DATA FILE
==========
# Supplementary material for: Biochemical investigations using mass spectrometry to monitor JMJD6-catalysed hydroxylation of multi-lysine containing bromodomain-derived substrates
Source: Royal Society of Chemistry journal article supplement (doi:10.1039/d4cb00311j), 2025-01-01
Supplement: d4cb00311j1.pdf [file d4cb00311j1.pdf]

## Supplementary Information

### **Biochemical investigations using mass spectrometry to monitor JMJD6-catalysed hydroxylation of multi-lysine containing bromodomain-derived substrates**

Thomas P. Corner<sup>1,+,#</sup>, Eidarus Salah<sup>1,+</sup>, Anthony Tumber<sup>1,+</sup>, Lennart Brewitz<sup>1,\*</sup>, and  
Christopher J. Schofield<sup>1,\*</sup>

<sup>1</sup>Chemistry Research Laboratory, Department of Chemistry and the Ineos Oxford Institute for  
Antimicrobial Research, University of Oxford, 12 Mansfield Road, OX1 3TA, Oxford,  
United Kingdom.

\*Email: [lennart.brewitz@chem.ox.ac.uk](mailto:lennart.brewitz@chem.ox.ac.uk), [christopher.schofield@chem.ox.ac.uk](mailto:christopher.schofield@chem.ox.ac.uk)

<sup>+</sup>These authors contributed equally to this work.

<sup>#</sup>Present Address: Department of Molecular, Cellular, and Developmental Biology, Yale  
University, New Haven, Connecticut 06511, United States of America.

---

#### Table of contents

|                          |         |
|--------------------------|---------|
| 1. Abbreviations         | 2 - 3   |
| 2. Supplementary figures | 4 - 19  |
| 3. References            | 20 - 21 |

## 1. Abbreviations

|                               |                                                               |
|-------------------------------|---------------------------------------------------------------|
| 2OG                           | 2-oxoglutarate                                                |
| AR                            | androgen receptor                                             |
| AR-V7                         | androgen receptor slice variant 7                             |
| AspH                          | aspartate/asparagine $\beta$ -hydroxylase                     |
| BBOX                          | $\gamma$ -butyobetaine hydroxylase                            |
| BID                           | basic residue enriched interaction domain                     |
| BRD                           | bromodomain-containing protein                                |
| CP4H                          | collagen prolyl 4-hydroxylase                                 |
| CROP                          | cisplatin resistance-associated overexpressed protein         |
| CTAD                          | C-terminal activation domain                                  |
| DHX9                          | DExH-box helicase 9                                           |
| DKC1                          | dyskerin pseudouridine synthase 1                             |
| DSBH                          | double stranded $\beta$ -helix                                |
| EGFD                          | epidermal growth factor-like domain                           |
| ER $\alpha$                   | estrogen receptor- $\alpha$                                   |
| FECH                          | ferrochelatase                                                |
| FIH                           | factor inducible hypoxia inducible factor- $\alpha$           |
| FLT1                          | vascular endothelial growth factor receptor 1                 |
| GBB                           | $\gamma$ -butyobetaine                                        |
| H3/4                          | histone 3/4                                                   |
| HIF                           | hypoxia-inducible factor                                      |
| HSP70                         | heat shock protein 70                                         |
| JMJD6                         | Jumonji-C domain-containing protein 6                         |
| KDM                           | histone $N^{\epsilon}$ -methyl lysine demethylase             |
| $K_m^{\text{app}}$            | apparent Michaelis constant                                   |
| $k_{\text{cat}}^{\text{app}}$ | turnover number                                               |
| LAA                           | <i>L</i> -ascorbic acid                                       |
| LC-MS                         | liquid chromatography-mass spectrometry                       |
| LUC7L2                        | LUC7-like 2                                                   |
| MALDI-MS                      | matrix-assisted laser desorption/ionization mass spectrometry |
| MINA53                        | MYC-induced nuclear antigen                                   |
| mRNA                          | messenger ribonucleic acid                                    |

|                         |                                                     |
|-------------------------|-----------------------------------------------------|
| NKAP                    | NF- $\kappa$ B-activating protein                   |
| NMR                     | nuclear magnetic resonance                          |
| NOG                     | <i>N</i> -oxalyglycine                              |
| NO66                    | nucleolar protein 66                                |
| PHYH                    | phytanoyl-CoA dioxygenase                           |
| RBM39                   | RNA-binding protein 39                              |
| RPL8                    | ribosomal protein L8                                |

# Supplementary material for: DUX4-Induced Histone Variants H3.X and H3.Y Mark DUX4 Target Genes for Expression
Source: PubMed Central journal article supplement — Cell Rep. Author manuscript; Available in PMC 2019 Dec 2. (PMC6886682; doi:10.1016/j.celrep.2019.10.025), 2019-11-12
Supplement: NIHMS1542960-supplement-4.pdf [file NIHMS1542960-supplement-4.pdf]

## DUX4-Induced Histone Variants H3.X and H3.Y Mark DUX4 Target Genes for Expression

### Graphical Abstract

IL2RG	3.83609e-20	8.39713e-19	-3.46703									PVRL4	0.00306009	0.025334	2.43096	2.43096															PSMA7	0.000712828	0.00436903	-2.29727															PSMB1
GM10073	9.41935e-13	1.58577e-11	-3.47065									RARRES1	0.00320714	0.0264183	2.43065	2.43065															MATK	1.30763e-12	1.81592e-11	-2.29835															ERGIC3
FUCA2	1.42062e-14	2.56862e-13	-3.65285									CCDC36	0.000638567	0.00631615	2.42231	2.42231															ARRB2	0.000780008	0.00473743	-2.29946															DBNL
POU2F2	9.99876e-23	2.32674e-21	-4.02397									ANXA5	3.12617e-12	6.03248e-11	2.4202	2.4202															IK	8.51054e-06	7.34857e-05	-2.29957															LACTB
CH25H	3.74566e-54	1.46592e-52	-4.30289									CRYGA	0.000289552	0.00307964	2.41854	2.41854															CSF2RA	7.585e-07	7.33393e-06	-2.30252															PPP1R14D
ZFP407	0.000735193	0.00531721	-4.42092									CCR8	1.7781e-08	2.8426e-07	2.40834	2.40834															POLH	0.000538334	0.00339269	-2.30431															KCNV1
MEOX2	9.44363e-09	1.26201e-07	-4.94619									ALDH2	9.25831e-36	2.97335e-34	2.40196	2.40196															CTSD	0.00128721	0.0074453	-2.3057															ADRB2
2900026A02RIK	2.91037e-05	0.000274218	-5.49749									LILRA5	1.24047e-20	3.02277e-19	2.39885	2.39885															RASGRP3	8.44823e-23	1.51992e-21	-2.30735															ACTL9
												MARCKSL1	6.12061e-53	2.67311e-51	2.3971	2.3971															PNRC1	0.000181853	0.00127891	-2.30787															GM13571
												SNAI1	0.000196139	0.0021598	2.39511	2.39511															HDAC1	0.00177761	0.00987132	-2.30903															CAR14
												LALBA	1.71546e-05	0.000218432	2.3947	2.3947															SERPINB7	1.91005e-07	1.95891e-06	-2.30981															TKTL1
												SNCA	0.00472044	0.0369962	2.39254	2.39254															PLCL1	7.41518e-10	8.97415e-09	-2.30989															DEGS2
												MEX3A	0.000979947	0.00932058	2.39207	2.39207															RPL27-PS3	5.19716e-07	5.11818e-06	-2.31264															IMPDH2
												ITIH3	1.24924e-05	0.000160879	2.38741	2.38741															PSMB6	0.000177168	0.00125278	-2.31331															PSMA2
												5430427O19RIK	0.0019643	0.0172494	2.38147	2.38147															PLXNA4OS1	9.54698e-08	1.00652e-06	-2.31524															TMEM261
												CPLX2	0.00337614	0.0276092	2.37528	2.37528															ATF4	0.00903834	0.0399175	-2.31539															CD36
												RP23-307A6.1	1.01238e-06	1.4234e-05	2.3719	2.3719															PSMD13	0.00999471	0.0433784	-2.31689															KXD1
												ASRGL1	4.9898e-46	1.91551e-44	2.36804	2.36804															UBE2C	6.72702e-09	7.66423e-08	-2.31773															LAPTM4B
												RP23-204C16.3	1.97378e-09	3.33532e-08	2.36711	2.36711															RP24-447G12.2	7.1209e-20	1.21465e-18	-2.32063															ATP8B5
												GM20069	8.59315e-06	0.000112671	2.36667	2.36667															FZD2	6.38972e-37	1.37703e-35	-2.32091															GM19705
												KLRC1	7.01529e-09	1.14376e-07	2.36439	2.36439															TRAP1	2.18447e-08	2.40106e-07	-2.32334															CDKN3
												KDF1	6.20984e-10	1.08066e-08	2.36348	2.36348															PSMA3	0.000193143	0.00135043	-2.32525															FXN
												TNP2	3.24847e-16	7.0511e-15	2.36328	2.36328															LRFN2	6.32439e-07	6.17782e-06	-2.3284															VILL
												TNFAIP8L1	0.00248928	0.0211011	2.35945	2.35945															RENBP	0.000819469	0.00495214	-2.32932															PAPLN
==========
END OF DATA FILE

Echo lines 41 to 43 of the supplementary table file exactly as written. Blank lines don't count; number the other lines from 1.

| FIH                           | factor inducible hypoxia inducible factor- $\alpha$           |
| FLT1                          | vascular endothelial growth factor receptor 1                 |
| GBB                           | $\gamma$ -butyobetaine                                        |